So I think this is what might be pushing us or helping us to think in the right direction, if we were to have more information about what policies were implemented in countries that already made it happen. Japan wasn’t long ago, South Korea didn’t develop long ago. That’s 60 years ago. That information is there. And then adjust it, obviously. It needs to be adjusted to each crop, doesn’t it? I mean, palm oil is not the same as cassava or something else.

George Schoneveld: Yes, I think about translatability from one context to another. And that’s what struck me so much about doing a similar sort of research in Mozambique, and doing the same thing in Brazil. To realize why you have such extremely different outcomes. And you really see that these contextual factors play such an important role. So I’m very reluctant to think about: okay, this worked in place X – thus, we can transpose it into case Y.
Anne Terheggen
Anne Terheggen: No, you don’t just look at case X. You look at X, Y and Z. As many as you can find. And then ask, what are the core fundamentals? And that boils down to, what are core government functions? And we actually know the answer, we know why it’s failing: infrastructure.
Obviously you have to look at a number of countries, but we know what the core government functions are. It’s infrastructure, it’s property rights, it’s law – it’s actually law enforcement these days. We already know why they are failing. Paolo, you did a comparative study. I think actually there must be a lot of information already in the existing literature. It’s not a reinvention of the wheel. We need to do the digging.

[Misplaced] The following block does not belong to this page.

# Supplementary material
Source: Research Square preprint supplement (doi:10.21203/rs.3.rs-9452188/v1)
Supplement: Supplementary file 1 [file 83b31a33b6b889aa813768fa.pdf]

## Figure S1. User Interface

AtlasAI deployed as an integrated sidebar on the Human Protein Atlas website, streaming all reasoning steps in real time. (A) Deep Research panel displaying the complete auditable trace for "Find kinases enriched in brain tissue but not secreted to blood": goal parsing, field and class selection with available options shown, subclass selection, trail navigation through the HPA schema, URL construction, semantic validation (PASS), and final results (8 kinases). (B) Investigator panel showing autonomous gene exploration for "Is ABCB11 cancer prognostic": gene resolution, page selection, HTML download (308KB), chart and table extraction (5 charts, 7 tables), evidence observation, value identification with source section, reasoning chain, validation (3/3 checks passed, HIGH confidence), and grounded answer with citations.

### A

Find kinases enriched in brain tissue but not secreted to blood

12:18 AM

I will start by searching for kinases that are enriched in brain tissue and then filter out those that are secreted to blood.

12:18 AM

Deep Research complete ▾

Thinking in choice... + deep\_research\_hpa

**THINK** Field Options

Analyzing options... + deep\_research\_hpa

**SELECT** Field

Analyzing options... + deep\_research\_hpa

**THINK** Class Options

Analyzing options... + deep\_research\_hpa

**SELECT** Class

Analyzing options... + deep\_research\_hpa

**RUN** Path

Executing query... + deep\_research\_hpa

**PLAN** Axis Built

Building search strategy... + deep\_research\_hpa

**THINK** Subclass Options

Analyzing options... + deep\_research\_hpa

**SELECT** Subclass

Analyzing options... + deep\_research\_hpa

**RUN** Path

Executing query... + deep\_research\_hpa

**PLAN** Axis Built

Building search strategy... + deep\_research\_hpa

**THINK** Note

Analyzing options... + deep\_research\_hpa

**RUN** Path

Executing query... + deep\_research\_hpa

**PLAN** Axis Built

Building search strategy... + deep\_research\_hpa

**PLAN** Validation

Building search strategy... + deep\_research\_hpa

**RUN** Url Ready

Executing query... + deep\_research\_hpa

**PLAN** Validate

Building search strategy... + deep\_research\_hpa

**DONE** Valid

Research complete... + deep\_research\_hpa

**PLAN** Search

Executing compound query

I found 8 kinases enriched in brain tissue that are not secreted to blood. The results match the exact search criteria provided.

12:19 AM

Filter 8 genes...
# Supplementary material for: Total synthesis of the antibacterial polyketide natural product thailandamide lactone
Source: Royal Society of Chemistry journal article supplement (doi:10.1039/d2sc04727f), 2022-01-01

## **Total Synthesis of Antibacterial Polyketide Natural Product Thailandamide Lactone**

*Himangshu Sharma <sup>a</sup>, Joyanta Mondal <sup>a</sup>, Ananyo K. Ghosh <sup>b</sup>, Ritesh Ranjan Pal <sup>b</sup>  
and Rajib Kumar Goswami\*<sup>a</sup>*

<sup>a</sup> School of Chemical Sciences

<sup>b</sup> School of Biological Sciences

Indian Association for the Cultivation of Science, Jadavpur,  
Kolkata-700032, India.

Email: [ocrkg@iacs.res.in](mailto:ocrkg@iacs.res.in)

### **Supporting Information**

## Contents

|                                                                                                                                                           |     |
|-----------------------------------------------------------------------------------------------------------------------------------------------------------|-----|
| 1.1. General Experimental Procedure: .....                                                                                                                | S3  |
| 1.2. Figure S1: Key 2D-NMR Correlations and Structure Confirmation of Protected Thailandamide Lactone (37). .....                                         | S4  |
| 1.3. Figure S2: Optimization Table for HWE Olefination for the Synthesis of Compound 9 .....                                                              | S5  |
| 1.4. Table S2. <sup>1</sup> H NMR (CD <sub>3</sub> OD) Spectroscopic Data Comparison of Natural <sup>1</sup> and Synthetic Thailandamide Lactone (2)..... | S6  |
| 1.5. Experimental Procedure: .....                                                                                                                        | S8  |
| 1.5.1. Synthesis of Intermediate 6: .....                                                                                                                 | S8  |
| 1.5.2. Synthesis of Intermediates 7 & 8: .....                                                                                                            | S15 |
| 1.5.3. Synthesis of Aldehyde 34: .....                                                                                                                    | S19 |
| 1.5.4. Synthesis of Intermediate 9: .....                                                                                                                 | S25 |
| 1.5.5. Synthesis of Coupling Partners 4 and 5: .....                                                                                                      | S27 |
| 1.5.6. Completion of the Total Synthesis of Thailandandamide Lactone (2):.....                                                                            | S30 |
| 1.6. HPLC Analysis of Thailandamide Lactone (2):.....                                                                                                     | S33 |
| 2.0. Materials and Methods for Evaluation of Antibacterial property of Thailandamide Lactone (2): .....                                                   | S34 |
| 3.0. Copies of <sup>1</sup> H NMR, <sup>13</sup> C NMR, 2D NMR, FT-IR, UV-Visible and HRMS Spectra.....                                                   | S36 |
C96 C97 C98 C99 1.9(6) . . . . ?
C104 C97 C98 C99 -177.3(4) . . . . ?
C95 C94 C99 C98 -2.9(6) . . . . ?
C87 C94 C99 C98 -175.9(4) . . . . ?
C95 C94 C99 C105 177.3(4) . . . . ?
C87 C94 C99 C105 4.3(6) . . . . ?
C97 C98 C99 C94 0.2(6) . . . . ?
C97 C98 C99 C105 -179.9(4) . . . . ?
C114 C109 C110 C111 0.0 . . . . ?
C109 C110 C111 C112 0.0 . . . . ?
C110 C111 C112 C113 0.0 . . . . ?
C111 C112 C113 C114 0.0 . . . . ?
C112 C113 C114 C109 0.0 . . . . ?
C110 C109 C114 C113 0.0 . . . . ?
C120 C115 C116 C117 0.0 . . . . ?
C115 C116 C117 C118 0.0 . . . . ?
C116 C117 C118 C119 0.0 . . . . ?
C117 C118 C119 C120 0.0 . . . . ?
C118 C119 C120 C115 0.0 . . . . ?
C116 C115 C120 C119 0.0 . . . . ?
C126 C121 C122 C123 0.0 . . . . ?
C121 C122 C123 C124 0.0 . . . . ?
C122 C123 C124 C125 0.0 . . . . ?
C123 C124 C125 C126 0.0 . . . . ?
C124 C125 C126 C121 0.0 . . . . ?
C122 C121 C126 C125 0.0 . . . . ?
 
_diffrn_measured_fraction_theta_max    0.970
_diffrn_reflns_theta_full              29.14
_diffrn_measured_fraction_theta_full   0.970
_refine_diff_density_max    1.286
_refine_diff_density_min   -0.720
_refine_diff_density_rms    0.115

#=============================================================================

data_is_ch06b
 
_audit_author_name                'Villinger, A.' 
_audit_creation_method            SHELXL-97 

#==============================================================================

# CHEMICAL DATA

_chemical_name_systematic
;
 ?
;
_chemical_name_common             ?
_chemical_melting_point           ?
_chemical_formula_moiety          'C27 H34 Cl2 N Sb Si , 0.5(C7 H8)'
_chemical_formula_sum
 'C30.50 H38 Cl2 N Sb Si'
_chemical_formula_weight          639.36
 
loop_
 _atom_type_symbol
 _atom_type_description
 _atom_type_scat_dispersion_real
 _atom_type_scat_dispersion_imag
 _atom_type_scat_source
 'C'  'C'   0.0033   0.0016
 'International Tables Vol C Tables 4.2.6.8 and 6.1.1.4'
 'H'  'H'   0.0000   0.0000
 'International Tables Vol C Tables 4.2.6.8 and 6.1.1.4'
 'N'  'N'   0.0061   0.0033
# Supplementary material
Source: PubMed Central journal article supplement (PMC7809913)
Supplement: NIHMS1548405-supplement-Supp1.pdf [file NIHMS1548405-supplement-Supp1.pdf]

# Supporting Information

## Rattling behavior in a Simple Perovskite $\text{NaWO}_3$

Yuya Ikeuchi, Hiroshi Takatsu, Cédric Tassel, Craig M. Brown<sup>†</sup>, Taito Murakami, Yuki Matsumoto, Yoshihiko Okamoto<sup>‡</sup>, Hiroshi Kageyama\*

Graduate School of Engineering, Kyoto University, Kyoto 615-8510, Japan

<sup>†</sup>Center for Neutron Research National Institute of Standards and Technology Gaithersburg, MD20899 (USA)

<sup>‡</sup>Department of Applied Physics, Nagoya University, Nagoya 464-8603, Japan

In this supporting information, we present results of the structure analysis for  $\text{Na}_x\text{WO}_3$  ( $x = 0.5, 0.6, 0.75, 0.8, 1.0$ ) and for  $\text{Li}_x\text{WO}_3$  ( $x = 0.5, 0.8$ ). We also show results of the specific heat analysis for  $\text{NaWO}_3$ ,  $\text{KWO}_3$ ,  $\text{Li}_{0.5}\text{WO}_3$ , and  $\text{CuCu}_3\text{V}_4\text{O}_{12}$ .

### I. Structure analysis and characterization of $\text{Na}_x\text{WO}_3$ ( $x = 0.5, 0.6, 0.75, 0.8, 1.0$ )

Pablo Pacheco
Pablo Pacheco: We need to know what are the basic conditions that can explain what shapes improved behavior by the actors involved. For example, if we go to some specific contexts like Cameroon in Africa where Patrice is working, it seems that those basic conditions are not in place. States are weak or not strong enough in shaping good corporate practice. So, to what extent are governments willing – vis-à-vis the private sector – to put in place mechanisms to ensure more sustainability and social inclusion, without making them obstacles for developing the national economies?
Paolo Cerutti: Patrice, before you answer, can I say one thing? I think we should stop thinking about these states as weak states. These people are super powerful and they know very well how to do the wrong thing because of the returns to their private pockets. So they should be doing the right thing, instead of thinking only of their pockets. They have the capacity, they have the knowledge to do most of the things that researchers and other partners suggest to them to do. The problem is that it is not in their interests. So I really would not call them weak. We might find another term.